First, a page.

Those students pay a higher rate of tuition than students from California. At UC Davis, international students pay about $39,000 in tuition and fees, compared with roughly $14,000 paid by in-state students. University officials have defended the higher foreign enrollment and fees, saying they help bolster funding after years of budget cuts.
In addition, the state’s prestigious private universities draw thousands of Asian students. Stanford’s undergraduate international student enrollment increased by more than 40 percent from 2005 to 2014, university statistics show.
About one-fourth of emigrants from China from 2012 to 2014 were between ages 18 and 24 and enrolled in college, census figures show. About a third of these students stay in America after college, Peri said.
“Most of these students do the science, tech, math degrees,” he said.
At UC Davis, the number of international freshmen rose more than tenfold from 91 in 2009 to 1,073 in 2015.
Samuel Yu, a junior majoring in chemistry at UC Davis, said his parents came to California from China in 2004, largely so he could attend an American college. He said it is hard to find a spot in a prestigious Chinese college because space is limited and the pool of applicants huge.
“The U.S. has a better education system than what China is developing,” he said.
Kenneth L. Lee, CEO of OCA-Asian Pacific American Advocates, formerly called the Organization of Chinese Americans, said many Chinese “families have saved everything to put into that one child” coming to the United States to study and earn a valuable degree.
“If you have one child, and you want to have your child do well, you say, ‘I am going to do everything I can to get in,’ ” he said.
Thousands of Chinese immigrants coming to California, though, are not in college or working in Silicon Valley. They are family members of Californians who have been in America for years. More than a quarter of Chinese immigrants to California from 2012 to 2014 were age 50 and older. The reunification visas that allow them to come and stay are in limited supply and can take more than a decade to obtain, Lee said.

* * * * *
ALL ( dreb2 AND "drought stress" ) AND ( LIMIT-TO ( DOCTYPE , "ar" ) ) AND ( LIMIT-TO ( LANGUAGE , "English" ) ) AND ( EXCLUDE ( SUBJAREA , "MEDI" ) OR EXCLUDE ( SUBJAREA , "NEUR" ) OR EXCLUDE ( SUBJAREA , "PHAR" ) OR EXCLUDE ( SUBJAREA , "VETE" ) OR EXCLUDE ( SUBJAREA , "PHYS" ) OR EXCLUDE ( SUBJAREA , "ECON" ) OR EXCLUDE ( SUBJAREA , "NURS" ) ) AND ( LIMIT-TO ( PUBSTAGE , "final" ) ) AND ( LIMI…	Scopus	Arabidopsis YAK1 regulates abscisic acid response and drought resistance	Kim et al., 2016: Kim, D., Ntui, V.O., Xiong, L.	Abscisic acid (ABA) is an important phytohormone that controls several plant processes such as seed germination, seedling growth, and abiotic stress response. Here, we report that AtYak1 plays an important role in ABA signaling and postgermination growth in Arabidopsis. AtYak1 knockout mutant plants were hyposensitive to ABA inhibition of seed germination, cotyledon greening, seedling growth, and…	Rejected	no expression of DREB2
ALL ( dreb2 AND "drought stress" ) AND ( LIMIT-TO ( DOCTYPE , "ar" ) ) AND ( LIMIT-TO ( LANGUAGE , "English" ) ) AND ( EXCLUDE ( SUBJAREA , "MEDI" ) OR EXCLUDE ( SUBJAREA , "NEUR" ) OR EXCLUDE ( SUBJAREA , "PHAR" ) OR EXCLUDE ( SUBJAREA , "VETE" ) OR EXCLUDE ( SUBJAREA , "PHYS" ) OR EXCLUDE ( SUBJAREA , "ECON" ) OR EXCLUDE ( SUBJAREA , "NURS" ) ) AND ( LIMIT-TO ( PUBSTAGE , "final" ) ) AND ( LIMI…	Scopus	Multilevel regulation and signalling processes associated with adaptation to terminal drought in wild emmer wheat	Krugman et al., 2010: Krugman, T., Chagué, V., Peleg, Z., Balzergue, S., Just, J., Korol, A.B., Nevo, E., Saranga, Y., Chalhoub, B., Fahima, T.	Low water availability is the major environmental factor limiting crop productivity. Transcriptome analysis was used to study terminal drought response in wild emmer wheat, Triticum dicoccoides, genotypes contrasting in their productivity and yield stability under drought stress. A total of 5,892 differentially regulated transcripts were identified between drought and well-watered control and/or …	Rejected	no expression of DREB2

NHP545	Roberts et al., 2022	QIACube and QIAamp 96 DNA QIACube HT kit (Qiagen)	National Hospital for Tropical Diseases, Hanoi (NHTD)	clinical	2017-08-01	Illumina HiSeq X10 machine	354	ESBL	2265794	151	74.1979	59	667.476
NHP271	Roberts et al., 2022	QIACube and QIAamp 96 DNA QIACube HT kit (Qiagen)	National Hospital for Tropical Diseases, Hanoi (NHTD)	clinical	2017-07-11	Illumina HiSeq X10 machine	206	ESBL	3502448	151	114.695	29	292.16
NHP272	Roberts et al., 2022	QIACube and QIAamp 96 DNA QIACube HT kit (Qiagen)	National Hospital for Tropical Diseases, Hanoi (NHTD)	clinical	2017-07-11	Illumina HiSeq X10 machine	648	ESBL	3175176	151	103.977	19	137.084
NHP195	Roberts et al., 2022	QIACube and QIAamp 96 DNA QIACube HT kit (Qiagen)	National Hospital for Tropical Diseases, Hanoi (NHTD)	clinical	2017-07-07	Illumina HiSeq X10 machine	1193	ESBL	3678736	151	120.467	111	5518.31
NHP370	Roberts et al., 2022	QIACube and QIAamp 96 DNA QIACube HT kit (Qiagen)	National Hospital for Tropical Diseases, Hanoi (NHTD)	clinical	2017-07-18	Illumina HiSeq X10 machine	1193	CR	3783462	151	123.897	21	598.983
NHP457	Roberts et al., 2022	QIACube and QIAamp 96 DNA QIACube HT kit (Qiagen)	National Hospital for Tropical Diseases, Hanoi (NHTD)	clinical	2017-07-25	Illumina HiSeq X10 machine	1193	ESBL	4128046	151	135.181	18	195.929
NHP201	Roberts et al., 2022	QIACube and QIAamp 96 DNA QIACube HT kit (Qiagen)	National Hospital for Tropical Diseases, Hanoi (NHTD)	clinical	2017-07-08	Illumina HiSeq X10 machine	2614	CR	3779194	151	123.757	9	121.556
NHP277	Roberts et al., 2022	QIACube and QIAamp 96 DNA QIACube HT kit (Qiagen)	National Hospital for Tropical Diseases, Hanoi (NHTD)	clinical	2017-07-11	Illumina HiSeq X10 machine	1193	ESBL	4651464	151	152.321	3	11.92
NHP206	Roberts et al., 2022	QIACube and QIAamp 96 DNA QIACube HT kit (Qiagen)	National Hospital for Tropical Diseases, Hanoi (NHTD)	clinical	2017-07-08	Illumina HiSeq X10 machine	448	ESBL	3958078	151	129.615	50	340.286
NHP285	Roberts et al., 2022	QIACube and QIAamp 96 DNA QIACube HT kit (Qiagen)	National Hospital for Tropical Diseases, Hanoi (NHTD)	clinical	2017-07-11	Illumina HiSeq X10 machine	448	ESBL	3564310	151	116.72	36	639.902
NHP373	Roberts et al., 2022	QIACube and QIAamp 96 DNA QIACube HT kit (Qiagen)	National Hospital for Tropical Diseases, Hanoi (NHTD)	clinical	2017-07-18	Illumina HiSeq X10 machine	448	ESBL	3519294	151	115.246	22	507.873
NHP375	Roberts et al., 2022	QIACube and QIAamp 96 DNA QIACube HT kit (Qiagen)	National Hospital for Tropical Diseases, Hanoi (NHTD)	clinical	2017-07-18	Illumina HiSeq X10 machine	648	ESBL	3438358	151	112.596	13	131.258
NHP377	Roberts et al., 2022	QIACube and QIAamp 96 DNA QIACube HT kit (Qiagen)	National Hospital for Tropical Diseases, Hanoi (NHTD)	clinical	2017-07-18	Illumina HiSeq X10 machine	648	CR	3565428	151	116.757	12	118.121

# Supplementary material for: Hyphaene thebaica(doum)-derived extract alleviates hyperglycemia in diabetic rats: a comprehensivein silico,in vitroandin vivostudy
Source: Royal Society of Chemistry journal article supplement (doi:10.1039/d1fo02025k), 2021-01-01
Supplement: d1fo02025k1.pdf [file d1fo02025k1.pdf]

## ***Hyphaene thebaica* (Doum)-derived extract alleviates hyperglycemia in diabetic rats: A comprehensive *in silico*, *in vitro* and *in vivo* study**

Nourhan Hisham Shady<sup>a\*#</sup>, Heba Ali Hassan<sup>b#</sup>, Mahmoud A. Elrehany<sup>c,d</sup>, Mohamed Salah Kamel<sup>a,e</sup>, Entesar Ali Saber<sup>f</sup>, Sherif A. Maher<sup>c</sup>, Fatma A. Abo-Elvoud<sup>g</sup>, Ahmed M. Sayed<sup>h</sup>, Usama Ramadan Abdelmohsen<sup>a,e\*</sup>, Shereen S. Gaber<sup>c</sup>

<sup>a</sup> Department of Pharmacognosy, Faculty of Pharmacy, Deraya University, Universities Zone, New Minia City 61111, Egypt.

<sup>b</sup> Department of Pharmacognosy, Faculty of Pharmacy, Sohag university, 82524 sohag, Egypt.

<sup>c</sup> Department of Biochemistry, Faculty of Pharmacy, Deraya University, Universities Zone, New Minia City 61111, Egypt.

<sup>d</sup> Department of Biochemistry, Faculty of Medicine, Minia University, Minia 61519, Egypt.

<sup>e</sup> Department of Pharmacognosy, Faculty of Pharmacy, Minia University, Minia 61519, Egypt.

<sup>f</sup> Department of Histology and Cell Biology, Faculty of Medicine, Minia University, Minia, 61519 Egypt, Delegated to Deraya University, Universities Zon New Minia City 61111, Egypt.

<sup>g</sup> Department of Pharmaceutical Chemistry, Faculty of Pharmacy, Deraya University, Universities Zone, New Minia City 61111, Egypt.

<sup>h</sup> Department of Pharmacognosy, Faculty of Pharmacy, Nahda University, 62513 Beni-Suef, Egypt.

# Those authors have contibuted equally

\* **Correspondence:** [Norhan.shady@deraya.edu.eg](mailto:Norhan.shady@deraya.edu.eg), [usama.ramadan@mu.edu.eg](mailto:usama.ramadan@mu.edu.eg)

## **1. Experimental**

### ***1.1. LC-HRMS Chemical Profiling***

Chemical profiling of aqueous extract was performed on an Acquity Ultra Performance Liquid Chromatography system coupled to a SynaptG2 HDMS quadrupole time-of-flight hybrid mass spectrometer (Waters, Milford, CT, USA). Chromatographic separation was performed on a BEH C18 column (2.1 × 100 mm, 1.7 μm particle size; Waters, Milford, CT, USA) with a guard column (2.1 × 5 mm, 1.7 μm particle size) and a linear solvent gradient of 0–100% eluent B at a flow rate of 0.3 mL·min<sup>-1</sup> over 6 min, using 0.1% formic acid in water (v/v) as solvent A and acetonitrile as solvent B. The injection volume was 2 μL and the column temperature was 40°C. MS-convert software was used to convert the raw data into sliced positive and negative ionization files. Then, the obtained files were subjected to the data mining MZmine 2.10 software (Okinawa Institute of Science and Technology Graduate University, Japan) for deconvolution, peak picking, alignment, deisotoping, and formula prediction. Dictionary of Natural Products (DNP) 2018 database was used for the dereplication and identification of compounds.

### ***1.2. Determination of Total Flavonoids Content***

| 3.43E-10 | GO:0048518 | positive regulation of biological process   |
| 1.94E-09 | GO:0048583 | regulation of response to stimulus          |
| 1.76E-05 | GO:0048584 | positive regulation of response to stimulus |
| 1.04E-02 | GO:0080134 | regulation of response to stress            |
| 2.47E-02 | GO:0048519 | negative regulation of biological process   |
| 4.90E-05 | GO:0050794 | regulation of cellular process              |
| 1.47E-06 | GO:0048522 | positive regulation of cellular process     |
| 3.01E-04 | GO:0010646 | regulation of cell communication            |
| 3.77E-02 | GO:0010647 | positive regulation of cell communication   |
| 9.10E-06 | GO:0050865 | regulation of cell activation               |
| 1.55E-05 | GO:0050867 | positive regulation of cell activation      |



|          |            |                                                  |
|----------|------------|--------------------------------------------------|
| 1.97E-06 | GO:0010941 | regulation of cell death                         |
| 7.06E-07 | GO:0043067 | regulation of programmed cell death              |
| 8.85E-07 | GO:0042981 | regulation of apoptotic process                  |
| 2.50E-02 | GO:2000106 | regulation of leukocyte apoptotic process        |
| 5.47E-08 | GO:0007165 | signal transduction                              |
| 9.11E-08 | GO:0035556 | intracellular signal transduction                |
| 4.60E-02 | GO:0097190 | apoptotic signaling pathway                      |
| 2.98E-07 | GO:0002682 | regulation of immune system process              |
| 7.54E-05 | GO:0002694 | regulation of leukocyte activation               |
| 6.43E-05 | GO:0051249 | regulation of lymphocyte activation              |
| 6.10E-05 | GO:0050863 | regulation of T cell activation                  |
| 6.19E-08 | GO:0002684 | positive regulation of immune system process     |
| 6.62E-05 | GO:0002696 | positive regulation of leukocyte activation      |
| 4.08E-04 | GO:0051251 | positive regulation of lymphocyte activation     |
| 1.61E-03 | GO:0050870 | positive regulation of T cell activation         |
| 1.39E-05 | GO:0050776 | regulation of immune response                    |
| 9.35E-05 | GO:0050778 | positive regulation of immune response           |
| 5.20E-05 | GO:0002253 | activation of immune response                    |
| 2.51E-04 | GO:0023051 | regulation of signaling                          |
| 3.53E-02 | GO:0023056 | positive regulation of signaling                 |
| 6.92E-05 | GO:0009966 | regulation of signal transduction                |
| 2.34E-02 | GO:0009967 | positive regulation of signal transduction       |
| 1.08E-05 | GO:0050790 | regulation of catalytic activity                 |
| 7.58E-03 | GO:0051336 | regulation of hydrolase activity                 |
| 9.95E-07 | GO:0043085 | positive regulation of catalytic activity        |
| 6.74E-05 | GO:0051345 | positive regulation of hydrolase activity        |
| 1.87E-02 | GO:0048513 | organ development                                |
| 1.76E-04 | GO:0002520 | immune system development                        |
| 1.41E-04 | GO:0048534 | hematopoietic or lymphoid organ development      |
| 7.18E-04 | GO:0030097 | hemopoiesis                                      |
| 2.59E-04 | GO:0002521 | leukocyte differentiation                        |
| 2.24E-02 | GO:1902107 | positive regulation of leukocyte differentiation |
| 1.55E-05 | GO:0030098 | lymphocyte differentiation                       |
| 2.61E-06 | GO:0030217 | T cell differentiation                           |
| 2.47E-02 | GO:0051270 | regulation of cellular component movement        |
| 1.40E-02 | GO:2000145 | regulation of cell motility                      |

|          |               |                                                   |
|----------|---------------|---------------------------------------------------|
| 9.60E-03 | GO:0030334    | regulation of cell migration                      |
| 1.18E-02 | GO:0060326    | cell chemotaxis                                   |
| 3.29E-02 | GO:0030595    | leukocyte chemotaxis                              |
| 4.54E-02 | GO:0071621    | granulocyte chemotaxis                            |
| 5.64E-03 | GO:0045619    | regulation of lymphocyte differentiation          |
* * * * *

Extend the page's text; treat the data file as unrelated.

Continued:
U.S. census numbers do not distinguish between immigrants who are here legally and those here without authorization. Demographic experts said the majority of Chinese immigrants have gone through the immigration process; but “you have seen a pretty significant jump in undocumented immigration from Asia,” said Ramakrishnan. These immigrants typically overstay their visas.
The growth in Asian migration is a relatively young trend. Hispanics still far outnumber Asians in California, and likely will for a long time. About 5.3 million Asians live in California compared with 15 million Hispanics, census figures show.
But Chinese and other Asians increasingly lead the state’s cities and hold statewide offices. They own a growing number of businesses. And Asians were the largest ethnic group in the University of California’s 2015 in-state freshman class.
“If this persists, it will change California,” Johnson said. “The fastest-growing group would become Asian.”
The trend also may change the national conversation about immigration. The same trend playing out in California – more immigrants arriving from Asia than Latin America – is happening across the country, according to the U.S. Census Bureau.
“We are so used to thinking about what immigration looked like,” Ramakrishan said. “We just assumed the past would look like the future.”
Most popular destinations
Chinese immigration to California is heavily concentrated in the Bay Area and Los Angeles. The number of Chinese immigrants who moved to the state’s 12 largest counties from 2005 to 2014:
Note: Excludes those born in United States who moved to another country and returned.
Sources: Public Policy Institute; U.S. Census Bureau via Minnesota Population Center